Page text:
Angel’s Arch was a large circular hole that pierced right through a thin peninsula of canyon wall jutting out like the front of a ship into the canyon. We clambered up through the hole and around what would be the bow of the ship to the top of the rock wall. From here, we could access a strange, globular landscape of tremendous slickrock half-globes.

Once dark had set in we sat down to fix dinner- quesadillas made with three different kinds of cheese. It struck me that almost anything tastes better when you’re cold and hungry. After extensive debate about the days ahead, we decided unanimously to pack up and travel to a new campsite further down the canyon, and then go rappeling from the mesa the next day. I harbored some anxiety about the rappeling-I pictured leaping off some sheer precipice of ungodly height, tethered by a wire-thin cord to a small shrub. But I agreed with the decision, albeit hesitantly.

In the morning we packed up the campsite and headed up the river. We had to cross the Dirty Devil river again, and then immediately cut back across. We continued to switch back and forth like that for a good few hours, at one point hugging a cliff wall to inch along a narrow rock shelf. After a nasty tangle with some quicksand, we ate lunch on a sunny sand bank and made sandwiches.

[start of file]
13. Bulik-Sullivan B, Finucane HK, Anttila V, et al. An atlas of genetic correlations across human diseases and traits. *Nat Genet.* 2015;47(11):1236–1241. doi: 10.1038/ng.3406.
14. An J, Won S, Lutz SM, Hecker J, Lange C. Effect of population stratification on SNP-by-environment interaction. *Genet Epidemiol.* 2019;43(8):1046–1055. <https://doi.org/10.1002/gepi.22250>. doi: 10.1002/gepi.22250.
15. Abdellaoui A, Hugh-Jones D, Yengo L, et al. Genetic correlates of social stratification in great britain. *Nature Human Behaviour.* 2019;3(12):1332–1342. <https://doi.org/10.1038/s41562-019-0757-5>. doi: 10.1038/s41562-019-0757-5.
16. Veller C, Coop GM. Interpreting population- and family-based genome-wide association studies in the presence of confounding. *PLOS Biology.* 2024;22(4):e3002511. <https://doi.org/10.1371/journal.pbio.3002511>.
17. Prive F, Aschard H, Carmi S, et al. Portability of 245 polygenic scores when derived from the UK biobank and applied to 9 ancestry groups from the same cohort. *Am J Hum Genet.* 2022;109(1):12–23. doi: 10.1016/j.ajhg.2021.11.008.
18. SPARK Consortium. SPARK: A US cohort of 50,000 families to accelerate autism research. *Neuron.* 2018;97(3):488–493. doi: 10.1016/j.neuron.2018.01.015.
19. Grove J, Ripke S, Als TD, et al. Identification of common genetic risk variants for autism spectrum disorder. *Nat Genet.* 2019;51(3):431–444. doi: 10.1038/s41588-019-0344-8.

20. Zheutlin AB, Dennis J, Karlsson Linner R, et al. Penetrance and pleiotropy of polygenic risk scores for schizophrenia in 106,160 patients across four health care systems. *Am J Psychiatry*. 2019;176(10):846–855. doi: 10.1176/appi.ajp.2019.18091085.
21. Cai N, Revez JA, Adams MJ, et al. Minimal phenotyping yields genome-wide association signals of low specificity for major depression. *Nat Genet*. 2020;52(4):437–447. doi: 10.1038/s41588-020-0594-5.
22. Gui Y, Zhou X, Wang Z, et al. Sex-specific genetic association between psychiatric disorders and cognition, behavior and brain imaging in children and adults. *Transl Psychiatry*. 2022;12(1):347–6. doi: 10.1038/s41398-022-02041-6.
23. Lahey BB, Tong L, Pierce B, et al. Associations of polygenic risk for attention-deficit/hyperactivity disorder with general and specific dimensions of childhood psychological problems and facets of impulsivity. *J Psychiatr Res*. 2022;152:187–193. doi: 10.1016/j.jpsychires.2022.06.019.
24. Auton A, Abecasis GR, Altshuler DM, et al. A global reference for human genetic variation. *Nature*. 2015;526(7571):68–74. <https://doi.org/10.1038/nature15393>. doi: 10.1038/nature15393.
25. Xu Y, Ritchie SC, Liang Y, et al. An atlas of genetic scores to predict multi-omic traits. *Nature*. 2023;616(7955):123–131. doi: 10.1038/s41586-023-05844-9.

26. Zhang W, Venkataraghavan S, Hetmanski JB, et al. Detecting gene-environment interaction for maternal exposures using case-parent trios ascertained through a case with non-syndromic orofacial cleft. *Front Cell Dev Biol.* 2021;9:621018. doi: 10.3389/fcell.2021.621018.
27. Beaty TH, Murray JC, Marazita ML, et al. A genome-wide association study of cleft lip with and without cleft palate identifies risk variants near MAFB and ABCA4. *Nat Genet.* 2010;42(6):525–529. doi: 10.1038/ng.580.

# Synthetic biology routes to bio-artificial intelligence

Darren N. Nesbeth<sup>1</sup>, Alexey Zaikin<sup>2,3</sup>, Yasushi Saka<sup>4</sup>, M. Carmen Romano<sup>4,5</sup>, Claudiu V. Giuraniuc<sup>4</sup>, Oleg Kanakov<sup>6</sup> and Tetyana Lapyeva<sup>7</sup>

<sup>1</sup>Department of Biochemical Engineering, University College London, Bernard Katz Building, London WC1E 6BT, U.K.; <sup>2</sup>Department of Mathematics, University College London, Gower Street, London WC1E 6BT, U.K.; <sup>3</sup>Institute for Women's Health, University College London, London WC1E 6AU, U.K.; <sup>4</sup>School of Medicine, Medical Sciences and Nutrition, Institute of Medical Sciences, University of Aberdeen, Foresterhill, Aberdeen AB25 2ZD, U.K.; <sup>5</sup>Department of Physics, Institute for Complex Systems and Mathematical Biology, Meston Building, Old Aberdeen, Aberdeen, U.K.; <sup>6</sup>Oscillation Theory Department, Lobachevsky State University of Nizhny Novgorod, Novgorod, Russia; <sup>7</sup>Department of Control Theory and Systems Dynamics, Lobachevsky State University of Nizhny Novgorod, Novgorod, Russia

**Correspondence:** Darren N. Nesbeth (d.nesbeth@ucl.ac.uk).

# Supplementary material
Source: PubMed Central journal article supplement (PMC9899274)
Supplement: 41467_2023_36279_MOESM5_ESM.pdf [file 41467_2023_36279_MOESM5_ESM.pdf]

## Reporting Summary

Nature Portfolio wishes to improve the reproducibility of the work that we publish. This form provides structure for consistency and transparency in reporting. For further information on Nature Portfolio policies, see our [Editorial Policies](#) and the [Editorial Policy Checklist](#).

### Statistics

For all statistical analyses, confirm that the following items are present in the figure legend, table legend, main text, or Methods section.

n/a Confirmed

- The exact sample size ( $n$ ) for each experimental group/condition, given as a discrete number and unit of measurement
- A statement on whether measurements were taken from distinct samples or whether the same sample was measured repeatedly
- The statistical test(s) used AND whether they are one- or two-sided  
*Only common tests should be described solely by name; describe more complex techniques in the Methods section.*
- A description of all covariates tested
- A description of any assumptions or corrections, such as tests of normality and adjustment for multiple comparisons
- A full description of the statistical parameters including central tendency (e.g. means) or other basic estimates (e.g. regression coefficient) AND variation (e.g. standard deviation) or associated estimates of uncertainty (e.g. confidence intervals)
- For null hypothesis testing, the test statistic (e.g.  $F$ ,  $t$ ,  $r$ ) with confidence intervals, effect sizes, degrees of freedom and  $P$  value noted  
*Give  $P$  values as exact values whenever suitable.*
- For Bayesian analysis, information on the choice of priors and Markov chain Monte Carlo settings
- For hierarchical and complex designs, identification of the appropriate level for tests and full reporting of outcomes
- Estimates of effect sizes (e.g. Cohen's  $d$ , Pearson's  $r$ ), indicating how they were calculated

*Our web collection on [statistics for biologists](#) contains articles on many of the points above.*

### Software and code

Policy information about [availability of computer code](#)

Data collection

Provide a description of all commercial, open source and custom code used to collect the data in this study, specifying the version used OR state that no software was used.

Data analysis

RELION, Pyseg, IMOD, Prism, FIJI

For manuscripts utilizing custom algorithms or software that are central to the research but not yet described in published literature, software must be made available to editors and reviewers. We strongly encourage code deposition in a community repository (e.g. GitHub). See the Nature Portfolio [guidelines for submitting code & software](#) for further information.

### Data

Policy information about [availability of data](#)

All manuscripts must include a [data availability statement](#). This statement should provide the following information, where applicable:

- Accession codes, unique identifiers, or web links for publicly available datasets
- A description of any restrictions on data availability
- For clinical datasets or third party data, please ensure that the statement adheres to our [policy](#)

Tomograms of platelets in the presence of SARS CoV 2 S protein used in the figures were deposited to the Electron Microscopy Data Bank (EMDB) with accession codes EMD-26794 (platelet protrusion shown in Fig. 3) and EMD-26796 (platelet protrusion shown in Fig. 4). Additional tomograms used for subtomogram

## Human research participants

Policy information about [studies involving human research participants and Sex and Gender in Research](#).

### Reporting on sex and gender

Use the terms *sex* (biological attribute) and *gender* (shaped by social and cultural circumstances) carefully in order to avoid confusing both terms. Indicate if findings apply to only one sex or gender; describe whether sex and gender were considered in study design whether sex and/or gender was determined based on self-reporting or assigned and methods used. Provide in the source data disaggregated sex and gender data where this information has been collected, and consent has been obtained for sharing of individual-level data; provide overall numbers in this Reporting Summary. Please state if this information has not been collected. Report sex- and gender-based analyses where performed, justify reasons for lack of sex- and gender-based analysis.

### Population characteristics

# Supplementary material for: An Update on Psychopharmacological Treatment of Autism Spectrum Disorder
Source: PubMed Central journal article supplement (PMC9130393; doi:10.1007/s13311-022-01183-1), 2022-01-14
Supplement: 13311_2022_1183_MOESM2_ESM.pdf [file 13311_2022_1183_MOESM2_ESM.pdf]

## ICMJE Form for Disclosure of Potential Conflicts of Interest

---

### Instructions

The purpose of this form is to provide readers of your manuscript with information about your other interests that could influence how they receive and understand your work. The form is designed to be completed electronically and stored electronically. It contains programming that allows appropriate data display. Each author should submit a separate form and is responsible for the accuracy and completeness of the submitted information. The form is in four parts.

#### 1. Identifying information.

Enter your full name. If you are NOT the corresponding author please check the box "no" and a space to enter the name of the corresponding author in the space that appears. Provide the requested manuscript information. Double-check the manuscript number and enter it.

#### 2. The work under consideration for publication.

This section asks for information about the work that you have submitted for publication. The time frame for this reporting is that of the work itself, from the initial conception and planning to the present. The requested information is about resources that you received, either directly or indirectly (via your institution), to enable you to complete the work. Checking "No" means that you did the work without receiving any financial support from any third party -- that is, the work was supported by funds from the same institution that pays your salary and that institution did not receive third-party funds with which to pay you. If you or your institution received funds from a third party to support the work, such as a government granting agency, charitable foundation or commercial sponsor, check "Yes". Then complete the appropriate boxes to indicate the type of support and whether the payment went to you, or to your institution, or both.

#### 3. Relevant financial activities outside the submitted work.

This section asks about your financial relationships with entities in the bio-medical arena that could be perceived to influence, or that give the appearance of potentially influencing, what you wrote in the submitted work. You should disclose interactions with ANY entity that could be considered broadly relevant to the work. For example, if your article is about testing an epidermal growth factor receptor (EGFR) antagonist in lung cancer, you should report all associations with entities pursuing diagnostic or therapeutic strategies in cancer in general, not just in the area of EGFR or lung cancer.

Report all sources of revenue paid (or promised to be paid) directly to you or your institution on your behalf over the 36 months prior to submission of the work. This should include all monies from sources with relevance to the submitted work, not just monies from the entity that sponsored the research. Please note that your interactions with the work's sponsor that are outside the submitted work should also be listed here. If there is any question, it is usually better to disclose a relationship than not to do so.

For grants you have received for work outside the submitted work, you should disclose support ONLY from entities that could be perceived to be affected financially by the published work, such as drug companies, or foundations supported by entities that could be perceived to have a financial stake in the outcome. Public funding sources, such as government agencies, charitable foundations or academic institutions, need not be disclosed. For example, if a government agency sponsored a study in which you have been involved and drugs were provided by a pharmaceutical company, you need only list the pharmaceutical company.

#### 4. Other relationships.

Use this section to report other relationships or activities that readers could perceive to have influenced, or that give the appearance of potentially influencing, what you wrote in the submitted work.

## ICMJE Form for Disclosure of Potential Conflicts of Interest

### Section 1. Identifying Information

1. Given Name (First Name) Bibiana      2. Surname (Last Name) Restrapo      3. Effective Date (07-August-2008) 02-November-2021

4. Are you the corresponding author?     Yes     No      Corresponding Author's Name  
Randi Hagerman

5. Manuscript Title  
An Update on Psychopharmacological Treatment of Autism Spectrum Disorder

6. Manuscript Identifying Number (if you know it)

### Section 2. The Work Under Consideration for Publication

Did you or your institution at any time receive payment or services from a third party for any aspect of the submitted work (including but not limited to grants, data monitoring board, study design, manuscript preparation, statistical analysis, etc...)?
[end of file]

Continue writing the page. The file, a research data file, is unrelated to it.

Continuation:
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In a search for a drinking water source, Aiyana and I ventured up a ravine made up of pink so dark it was almost magenta. The rock swirled into itself so fluidly it looked more like liquid than stone. The ravine was punctuated by deep holes big enough to fall into, which collapsed down into blackness like whirlpools. We found only a tiny pool of stagnant water and mud, and returned to the group with the bad news.